Supreme Court decision on BBI will define Kenya’s constitutional destiny
OPINION | By Demas Kiprono | January 21st 2022
Listening to the Building Bridges’ Initiative (BBI) appeal at the Supreme Court, one can easily get lost in the definitions and technicalities.
To experts, the case boils down to whether a sitting president can spearhead fundamental constitutional changes using State resources, officers and State patronage.
To understand the issue, one must interrogate the history of constitutional changes in Kenya, their effects and who those changes ultimately benefited.
The High Court and Court of Appeal declared BBI unconstitutional mainly because they found that the president could not initiate a popular initiative under Article 257 of the Constitution. They rejected the notion that an incumbent president could spearhead the modifying of the very Constitution that he swore to protect.
I do not doubt that some supporters of BBI genuinely believe that it will solve Kenya’s problems, such as the cyclical violence every election year. Similarly, I don’t doubt that some people oppose BBI for short-term political gain. Those opposed to BBI opine that the constitutional changes were not of the people but the political class. They argue that the document does nothing to address the real problems, such as electoral injustice, which is at the root of contestation of presidential elections results and subsequent strife.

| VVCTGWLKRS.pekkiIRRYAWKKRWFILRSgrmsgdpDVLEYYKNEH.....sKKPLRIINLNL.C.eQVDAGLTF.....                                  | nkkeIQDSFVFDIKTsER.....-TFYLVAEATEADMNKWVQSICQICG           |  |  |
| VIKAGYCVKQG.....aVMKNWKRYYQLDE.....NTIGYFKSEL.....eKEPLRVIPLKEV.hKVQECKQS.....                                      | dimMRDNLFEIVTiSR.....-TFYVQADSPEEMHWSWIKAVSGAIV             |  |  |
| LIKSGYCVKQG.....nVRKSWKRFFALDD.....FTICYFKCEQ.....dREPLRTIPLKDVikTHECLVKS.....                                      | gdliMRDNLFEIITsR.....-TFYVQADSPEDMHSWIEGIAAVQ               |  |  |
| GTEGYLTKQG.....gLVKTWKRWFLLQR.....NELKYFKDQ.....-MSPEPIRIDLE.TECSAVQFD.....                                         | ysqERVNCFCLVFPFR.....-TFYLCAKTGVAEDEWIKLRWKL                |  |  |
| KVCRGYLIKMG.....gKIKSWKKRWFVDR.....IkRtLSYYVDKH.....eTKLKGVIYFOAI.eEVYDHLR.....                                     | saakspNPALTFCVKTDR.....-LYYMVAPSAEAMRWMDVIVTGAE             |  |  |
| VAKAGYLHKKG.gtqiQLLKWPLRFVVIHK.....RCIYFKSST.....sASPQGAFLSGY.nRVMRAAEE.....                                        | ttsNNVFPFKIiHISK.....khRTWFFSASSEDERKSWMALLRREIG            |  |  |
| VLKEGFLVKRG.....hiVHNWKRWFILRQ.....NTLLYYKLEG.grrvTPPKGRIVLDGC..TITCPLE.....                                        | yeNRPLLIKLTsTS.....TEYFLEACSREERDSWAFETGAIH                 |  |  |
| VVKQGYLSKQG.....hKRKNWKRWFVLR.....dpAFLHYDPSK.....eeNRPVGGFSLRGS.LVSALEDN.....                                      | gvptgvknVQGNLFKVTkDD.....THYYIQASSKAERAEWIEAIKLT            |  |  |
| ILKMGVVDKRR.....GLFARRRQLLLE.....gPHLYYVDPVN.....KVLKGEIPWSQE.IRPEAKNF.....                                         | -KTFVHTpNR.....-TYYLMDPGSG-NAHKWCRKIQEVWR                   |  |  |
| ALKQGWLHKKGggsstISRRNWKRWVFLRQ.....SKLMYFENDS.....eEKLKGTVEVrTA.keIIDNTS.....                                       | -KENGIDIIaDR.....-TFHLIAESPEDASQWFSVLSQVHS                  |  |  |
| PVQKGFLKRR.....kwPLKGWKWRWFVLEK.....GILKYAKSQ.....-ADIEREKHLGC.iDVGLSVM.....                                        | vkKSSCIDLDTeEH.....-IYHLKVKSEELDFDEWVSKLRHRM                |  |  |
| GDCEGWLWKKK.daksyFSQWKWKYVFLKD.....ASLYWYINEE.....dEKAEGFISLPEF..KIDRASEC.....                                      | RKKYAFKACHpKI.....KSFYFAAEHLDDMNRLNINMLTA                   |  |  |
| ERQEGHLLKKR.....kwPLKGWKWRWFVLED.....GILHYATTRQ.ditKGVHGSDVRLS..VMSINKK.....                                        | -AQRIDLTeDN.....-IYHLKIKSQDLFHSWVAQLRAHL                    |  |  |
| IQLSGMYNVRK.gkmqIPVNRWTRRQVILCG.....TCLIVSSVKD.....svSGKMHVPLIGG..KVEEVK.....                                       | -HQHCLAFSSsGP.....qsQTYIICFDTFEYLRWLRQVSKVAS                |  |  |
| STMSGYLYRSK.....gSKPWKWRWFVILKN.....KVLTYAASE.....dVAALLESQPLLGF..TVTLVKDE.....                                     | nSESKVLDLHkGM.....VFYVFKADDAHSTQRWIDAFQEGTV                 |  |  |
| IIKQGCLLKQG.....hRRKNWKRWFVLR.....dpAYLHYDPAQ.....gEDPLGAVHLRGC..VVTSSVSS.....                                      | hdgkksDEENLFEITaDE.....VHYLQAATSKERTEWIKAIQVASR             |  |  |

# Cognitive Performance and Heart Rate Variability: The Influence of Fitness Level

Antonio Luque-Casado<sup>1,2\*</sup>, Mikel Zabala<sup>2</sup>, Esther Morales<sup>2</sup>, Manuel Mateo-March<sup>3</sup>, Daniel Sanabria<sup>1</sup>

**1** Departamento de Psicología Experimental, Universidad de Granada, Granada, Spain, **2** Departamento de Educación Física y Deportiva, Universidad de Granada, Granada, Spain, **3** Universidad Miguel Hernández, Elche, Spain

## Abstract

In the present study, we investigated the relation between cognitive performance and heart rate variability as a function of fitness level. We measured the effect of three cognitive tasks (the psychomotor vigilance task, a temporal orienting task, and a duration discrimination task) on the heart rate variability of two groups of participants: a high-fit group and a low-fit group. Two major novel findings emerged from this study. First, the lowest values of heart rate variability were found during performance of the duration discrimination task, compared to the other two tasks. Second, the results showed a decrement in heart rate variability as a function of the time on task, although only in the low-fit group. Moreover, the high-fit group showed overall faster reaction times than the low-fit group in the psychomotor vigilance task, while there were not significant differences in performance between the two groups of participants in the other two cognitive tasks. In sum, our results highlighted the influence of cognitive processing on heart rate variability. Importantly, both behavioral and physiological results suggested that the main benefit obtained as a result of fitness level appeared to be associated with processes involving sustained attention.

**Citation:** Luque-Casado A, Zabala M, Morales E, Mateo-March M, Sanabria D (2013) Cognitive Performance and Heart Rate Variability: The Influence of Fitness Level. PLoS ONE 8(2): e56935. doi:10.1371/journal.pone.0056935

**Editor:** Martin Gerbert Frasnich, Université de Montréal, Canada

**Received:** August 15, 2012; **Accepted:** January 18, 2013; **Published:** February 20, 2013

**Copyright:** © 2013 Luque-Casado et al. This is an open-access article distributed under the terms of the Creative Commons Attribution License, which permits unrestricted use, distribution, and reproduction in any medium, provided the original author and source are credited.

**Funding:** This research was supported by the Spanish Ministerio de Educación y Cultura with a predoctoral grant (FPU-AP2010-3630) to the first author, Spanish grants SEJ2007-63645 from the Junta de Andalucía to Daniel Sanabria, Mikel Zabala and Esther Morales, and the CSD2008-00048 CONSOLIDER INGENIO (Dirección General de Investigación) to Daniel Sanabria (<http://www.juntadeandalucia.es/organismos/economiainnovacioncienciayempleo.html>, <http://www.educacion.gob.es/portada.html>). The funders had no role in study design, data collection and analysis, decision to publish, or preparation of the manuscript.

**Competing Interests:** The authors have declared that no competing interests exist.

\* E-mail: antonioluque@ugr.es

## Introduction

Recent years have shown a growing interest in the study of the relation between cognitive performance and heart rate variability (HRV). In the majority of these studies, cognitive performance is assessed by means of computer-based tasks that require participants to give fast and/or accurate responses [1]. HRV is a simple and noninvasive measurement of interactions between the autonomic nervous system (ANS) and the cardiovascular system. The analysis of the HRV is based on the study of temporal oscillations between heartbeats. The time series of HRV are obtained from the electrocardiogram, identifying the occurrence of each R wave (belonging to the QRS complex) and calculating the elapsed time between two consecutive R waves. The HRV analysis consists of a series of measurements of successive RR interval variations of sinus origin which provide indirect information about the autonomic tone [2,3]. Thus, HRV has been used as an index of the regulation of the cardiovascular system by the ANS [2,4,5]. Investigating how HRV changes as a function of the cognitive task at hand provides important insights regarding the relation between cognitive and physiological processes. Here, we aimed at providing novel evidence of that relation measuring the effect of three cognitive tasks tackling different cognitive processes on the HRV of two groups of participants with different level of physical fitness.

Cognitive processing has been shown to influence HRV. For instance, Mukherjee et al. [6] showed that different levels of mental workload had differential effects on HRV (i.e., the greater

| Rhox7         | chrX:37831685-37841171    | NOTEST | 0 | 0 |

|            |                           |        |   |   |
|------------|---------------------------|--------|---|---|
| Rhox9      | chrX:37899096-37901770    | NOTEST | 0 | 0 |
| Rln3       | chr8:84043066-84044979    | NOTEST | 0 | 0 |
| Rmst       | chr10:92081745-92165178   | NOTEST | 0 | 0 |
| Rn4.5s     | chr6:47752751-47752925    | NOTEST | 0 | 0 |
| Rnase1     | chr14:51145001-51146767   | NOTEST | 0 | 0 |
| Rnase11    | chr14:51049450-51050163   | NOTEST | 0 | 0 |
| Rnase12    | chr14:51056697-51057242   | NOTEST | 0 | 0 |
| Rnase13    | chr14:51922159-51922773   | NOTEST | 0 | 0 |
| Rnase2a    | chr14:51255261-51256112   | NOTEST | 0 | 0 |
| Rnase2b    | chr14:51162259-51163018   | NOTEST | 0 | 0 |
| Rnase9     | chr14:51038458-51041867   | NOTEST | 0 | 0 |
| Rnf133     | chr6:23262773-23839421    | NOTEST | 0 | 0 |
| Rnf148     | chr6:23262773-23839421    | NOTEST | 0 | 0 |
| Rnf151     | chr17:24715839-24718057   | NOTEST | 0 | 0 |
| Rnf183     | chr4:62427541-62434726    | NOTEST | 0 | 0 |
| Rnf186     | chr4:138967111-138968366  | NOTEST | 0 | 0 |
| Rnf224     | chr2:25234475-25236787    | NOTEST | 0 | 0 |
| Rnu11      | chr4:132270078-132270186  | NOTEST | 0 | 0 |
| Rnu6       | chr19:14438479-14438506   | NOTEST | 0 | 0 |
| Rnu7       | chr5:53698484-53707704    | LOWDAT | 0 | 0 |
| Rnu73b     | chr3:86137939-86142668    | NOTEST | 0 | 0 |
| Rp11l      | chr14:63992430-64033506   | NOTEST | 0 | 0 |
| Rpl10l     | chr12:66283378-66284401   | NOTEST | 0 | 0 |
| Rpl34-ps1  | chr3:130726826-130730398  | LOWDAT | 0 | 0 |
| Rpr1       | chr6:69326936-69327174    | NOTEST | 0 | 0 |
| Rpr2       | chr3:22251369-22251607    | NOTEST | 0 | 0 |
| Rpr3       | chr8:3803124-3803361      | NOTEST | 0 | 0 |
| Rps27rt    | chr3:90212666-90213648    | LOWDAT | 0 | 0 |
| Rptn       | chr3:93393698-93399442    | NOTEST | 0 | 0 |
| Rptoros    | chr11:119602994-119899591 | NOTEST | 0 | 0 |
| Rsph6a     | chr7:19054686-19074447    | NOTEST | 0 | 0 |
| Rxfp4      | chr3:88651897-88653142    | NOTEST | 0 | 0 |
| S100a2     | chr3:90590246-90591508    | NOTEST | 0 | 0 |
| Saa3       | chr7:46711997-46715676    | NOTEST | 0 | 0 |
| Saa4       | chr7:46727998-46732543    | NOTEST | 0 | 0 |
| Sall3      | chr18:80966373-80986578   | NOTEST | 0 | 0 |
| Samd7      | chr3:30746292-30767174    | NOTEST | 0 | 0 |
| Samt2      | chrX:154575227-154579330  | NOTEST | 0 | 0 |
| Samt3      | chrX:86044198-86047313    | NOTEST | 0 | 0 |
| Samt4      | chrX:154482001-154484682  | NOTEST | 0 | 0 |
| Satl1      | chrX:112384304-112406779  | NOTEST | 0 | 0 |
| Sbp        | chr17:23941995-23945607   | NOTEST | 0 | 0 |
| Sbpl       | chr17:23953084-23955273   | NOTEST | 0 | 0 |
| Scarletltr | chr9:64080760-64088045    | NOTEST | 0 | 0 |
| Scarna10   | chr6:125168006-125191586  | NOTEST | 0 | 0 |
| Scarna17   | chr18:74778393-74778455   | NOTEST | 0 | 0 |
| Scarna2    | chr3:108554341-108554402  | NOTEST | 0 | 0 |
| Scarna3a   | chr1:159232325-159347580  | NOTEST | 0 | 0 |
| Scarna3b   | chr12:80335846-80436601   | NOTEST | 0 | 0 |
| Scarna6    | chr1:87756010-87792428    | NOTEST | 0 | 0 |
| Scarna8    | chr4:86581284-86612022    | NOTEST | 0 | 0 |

One of the lawyers during the case compared our situation where BBI proposes 83 amendments to an 11-year document to America’s constitution which has only been changed 27 times in over 235 years.
The judges at the Court of Appeal meticulously outlined the various constitutional changes between 1963 and 1992 and the profound impact they had on regional governments and devolution, democracy and electoral justice. For example, at one point, Parliament amended the constitution to allow one person to run for MP.
It is noteworthy that during the BBI debate, MPs produced a report that flagged some BBI provisions, such as the unequal and opaque allocation of constituencies to earmarked counties, as unconstitutional. Nevertheless, they passed it anyway, arguing that a review would be done later.
The Supreme Court has its work cut out because it must balance many competing interests regarding constitutional changes.
Constitutions should be amendable when there is a constitutional moment. But who determines this moment and what is the State’s role in supporting these changes? Does State involvement remove the ‘popular’ character of the process? Do the High Court and Court of Appeal interpretations that the president cannot initiate changes via popular initiative infringe on his rights as a Kenyan citizen?
Another consideration the Supreme Court must make is whether the president’s duty to promote peace and unity gives him leeway to use State resources to realise this peace. For this, they must look at whether the situation in 2017 rose to the level of a constitutional moment, which made the president take the path he did.
We can all admit that the Handshake calmed down political tempers and ended the protests. However, the jury is still out on whether Kenyans were actually fighting each other in 2017.
Many see BBI as an elite settlement after a gruelling political fight in 2017 instead of a roadmap to solve the toxic “winner takes it all” politics proposed by the president and ODM leader Raila Odinga. However, the Supreme Court is bound to look at the issue impartially.
As the court retires to decide, it is essential to note that their decision will have far-reaching consequences.
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